Here is what I believe to be a coin silver julep strainer. The strainer is marked “J. POOLEY” (the “J” is very faint) and is followed by three marks, marks that are referred to as “pseudo marks”. They look similar to British hallmarks and we’re commonly used by early American silversmiths. The three marks are a “D”, a bird and a bust.
The front of the handle is engraved “J. Baum” in a lovely script.
The handle is in the “Tipped” pattern. The handle bends up slightly but doesn’t have the up and down bend in the handle (where it meets the bowl) common to other julep strainers. It measures 5 and 1/2 inches long and 2 and 3/4 inches wide, typical dimensions for an antique julep strainer. The staining holes are not symmetrical, they were obviously made by hand.
It is designed differently than any other julep strainer that I have seen. It has the scallop shaped bowl, but the bowl is more flat and the sides curve up.
I have been unable to find a patent for the scallop bowl julep strainer. Speculation is that early strainers were based on the scalloped sugar sifter design and modified to fit in a glass and strain liquids. This strainer has holes only about 3/4ths of the way across and definitely made to strain liquid from a glass or beaker. If it were a sugar sifter or tea strainer, the holes would be across the entire bowl. This strainer fits well in a glass and feels comfortable and secure in the hand when pouring. Perhaps this is a very early version of the julep strainer?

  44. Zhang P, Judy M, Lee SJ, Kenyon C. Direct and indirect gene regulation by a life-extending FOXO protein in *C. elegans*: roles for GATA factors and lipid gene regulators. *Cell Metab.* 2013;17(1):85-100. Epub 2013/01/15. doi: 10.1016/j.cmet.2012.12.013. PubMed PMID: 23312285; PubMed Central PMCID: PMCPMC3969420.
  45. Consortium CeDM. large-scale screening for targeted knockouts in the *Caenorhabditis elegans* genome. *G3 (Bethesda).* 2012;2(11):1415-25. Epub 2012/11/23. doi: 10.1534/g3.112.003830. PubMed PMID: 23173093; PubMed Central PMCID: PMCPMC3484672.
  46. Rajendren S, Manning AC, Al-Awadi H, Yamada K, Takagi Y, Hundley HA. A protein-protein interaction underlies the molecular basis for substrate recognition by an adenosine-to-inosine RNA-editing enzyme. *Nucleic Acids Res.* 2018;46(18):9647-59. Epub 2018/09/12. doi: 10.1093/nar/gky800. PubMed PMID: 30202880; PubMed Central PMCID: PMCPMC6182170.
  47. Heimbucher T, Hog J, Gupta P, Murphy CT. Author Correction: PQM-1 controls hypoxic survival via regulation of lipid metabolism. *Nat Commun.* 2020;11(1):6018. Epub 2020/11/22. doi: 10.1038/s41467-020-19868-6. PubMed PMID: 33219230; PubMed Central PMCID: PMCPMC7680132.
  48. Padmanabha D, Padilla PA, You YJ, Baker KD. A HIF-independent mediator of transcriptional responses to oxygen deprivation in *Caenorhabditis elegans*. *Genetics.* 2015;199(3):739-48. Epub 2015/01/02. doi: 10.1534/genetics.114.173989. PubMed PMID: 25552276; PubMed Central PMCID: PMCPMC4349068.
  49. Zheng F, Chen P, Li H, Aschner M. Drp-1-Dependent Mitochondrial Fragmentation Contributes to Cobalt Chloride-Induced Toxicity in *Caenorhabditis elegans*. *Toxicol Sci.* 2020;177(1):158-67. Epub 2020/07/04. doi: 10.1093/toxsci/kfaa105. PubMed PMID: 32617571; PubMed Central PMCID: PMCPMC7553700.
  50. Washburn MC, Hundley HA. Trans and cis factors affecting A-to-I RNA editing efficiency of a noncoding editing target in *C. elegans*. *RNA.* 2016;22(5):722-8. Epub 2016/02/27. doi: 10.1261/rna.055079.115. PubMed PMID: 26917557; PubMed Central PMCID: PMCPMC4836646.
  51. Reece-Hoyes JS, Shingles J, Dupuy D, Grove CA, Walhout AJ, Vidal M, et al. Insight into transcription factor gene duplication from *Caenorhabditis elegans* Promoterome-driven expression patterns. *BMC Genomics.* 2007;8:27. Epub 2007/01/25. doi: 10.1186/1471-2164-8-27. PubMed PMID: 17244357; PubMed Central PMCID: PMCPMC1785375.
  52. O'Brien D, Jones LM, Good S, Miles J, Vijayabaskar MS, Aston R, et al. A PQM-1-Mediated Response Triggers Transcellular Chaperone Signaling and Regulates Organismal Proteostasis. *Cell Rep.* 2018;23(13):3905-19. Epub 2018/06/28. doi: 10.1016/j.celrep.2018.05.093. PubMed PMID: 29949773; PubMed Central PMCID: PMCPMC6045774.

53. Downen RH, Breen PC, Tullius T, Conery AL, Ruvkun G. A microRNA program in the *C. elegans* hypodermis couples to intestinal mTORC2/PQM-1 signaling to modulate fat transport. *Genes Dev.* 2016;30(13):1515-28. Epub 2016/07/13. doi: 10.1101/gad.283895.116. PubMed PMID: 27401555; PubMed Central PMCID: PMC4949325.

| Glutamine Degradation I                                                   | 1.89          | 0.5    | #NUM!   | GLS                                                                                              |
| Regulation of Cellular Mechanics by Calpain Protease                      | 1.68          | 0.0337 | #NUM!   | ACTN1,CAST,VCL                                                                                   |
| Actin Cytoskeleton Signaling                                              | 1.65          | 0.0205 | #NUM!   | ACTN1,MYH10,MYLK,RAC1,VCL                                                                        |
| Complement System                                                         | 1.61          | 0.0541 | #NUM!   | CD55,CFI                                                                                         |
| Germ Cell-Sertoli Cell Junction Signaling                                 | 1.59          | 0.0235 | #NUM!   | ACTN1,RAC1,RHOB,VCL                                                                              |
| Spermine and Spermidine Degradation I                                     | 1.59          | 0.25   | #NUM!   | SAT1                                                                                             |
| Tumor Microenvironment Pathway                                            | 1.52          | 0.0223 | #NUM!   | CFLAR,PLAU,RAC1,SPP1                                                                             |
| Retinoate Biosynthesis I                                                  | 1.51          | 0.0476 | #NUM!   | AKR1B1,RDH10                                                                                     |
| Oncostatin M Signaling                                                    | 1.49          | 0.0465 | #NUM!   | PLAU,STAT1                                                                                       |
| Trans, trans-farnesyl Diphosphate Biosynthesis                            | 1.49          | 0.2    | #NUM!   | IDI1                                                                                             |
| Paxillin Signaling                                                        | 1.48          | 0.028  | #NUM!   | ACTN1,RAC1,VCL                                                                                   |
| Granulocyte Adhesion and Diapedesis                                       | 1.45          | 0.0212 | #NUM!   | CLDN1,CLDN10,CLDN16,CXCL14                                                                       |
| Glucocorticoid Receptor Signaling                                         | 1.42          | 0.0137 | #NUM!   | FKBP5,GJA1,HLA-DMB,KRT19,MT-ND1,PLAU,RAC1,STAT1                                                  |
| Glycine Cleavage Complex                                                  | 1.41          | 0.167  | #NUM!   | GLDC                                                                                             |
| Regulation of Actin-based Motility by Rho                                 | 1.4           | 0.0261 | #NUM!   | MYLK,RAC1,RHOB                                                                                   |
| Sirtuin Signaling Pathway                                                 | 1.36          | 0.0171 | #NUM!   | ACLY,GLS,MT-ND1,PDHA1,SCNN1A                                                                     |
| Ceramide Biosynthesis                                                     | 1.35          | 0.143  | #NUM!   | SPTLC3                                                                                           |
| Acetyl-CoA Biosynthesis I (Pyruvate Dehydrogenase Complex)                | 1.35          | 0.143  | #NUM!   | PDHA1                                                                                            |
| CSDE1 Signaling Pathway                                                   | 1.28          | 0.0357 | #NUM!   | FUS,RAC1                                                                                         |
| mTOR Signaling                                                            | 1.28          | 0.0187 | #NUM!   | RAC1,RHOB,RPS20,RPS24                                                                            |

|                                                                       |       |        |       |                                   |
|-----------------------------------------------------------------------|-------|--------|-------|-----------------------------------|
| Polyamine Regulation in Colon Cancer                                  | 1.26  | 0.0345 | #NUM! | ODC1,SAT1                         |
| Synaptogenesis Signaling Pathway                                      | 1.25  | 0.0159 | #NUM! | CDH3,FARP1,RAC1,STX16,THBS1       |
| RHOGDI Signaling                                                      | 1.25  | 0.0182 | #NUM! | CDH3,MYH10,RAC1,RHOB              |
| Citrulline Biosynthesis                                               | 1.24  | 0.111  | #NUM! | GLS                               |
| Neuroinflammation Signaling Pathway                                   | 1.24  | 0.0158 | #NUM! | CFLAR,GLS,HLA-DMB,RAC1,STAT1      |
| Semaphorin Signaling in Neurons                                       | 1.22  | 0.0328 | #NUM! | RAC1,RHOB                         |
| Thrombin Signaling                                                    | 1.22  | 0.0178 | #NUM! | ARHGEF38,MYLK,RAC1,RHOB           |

James Pooley was born in Scotland in 1825 and came to America as a young man. He married Ann Augusta Barnum in Amsterdam, NY in 1849. He was a jeweler in Amsterdam, NY, moved to New Albany, Indiana and then on to Memphis, Tennessee. He was listed as a jeweler in the 1859 Memphis Directory and J. Baum & Co., which was a saloon around the corner from James Pooley, was also listed in that same directory. John Baum was a wine and beer distributor as well. James Pooley died in 1865 as a result of a freak accident.
I have not been successful in finding another piece of silver with the J. Pooley mark. The three pseudo marks, however, are the same marks (“D”, bird, bust) that were used by James Mix. Jr. of Albany, New York on his coin silver pieces. James Mix. Jr. was born in 1822 and a silversmith in the mid to late 1800s. As far as I can see, all the pieces of his work show his name followed by those three marks. It is possible he made this strainer for Pooley, or perhaps some one else made it for Pooley, or maybe Pooley made it himself. Wish I knew.
This strainer is available here at my Etsy shop: